As public awareness and growing concerns surrounding hydraulic fracturing (“fracking”) operations increases, regulatory agencies are taking a closer look at the process and are soliciting help from both public and industry stakeholders to better understand fracking operations. On May 19, 2014, the Environmental Protection Agency (“EPA”) solicited comments from the public and from industry stakeholders on obtaining data on the chemical make-up of fluids used in fracking operations, known as “fracking fluids,” as well as the potential health and safety risks of exposure to those fluids to human health and the environment.

Fracking is not a new process.  According to the U.S. Department of Energy, as of 2013 at least two million oil and gas wells have been fracked in the U.S in the last sixty years.

However, public awareness has recently grown because the use of fracking has increased significantly in the last ten years due to new horizontal drilling technologies that improve access to natural gas and oil deposits. Fracking involves injection of large volumes of fluids at high pressure into a perforated well to create fractures in the source rock formation.  The fracking fluid is typically water-based and contains various chemicals, including proppants, bactericides, buffers, stabilizers, fluid-loss additives and surfactants. After injection, large portions of the fracking fluids are recovered and recycled; however, there is normally some fracking fluid loss within the oil or gas bearing strata.  Over the years, this technique has greatly increased domestic natural gas and oil production by allowing wells to reach previously inaccessible natural resources.

In many cases, fracking companies claim that disclosing their fracking fluid ingredient list, in whole or in part, would damage their ability to compete in the market. In many states, the companies can apply for trade secret status with the appropriate state regulating agency, and if approved, the identities of the chemicals are exempt from disclosure.  Other states do require disclosure of fracking fluid ingredients to the state regulators, however the state regulators do not make those lists of chemicals public, again claiming the ingredients are trade secrets that vary from company to company.  Id. A few states, such as Louisiana, require operators to disclose all additives used in fracking fluids and the names and concentrations of chemicals which are subject to Occupational Safety and Health Administration Hazard Communication requirements (29 CFR 1910.1200) on a publically available chemical disclosure registry, called FracFocus. Id.  However, additives deemed to be trade secret are exempt from that reporting requirement. Id. A report issued by, the U.S. Department of Energy’s Secretary of Energy Advisory Board on February 24, 2014, titled the Task Force Report on FracFocus 2.0, confirmed that full disclosure is not made by most companies reporting on FracFocus, and that companies still rely on the trade secret exemption found in federal regulation (29 C.F.R. §1910.1200(i)(1)),  in making disclosures on FracFocus.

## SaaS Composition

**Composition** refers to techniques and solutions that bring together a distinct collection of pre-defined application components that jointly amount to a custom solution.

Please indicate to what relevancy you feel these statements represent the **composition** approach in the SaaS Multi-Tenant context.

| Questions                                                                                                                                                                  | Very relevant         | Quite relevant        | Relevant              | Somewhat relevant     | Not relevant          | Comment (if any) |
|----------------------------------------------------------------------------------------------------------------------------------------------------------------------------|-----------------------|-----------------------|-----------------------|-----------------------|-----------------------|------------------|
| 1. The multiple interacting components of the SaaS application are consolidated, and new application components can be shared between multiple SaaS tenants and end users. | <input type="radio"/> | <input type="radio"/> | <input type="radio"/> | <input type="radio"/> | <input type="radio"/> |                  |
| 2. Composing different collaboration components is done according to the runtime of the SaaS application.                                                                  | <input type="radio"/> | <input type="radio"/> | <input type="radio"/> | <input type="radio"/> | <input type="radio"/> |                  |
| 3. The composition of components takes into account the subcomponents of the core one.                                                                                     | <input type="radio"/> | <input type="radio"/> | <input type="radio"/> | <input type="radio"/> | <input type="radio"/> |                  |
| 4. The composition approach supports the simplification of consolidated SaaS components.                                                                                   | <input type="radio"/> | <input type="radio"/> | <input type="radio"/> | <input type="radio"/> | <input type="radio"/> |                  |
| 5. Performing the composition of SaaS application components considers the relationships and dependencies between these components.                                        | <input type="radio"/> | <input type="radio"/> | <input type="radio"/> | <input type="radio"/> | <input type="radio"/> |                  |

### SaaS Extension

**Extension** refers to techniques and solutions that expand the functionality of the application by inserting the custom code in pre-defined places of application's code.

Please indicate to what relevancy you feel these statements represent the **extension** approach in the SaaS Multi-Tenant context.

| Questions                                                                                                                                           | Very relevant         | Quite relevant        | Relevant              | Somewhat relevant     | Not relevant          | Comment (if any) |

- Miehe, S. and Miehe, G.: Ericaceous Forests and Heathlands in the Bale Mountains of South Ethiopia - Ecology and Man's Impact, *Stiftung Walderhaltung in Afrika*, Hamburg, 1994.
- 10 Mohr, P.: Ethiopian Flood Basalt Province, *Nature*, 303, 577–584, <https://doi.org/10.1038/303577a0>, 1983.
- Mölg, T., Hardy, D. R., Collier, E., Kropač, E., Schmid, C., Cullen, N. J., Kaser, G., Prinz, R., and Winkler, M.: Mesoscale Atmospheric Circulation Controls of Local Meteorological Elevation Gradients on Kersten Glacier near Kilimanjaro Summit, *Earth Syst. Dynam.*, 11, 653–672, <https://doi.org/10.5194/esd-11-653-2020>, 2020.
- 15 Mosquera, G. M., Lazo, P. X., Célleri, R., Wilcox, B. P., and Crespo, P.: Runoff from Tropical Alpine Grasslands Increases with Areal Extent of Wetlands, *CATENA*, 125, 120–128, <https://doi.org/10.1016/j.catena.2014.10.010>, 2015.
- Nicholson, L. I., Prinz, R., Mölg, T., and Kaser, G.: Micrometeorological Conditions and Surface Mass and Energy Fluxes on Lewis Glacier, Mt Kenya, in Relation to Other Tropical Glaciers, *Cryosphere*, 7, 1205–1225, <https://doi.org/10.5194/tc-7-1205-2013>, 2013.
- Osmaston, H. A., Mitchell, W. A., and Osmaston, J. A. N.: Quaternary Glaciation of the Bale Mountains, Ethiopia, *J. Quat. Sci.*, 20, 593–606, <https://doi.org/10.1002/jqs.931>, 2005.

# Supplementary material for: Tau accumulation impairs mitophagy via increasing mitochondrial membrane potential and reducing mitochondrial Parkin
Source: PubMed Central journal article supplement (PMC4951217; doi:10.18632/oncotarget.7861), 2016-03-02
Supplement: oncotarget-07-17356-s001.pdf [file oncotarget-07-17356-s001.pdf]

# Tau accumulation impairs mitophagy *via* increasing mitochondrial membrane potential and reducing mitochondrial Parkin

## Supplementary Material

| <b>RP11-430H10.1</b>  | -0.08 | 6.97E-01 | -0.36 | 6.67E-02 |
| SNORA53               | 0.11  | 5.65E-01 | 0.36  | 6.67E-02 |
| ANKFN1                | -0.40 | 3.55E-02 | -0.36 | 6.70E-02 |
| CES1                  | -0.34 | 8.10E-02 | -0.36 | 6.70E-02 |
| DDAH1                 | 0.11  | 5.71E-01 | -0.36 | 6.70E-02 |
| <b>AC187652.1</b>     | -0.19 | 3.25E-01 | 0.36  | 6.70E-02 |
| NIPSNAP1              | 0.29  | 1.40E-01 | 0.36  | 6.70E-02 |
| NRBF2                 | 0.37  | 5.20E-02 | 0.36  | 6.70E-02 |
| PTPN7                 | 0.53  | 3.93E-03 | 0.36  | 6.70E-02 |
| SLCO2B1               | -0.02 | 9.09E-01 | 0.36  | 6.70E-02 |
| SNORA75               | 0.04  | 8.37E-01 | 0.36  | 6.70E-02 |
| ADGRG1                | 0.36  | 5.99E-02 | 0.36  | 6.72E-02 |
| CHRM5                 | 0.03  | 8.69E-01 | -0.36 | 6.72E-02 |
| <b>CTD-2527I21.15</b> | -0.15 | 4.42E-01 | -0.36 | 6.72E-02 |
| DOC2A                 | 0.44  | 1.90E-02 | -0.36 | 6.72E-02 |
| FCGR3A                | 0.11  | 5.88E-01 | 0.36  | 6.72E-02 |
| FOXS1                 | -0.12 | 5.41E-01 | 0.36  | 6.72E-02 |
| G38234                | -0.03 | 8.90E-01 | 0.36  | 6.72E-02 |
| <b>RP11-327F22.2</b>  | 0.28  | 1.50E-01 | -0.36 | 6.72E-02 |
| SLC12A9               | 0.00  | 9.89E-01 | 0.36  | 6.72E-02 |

This non-disclosure of the chemical make-up of the fracking fluids has caused a different problem for the industry – public fear.  Many concerns have been voiced by the public relating to the alleged “chemical cocktail” within the fluids and the potential for fracking fluids to contaminate drinking water. States like New York and Colorado have completely banned fracking all together in response to public fear.  The news media is full of pictures of people across the U.S. holding up signs at public meetings with phrases opposing fracking.

This issue of public disclosure of the chemical make-up of fracking fluid is a significant issue at the state and federal level and has been one of the most contentious issues. Environmentalists argue that the public lacks adequate information to assess whether chemicals used in fracking represent threats to human health and/or the environment.  Earthjustice, a public interest law firm, and 114 other organizations petitioned the EPA under Section 21 of the Toxic Substances Control Act to adopt a rule that would require, among other things, mandatory disclosure and reporting of the chemicals used in oil and gas exploration and production activities.  In response to this petition, on May 19th, the EPA released an Advanced Notice of Proposed Rulemaking (“ANPR”).  The ANPR seeks public comment on over fifty specific questions, including questions such as whether the disclosure should be mandatory or voluntary, whether the EPA should employ incentives for disclosure of the information, what types of information should be disclosed, what types of health and safety studies should be disclosed, whether a third-party certification and collection should be required, and how data that is claimed to be trade secrets or confidential business information could be reported and then aggregated and disclosed to the public while protecting the identities of the individual products and firms.

This is the EPA’s first official step toward creating a federal regulatory program that would require disclosure and reporting concerning chemicals used in fracking fluids.  Such a regulatory program will affect companies in the oil and gas and chemical manufacturing industries, particularly those that use, manufacture, import, process or distribute chemical substances used in fracking treatments.   EPA rests authority for such a regulatory program on TSCA section 8(d) which authorizes the Agency to require manufacturers, processors, and distributors of any chemical substance or mixture, and persons who propose to manufacture, process or distribute in commerce any chemical substance or mixture, to submit health and safety studies to EPA.  It is expected that the EPA will receive a very large number of comments on this ANPR.  All comments must be submitted on or before August 18, 2014.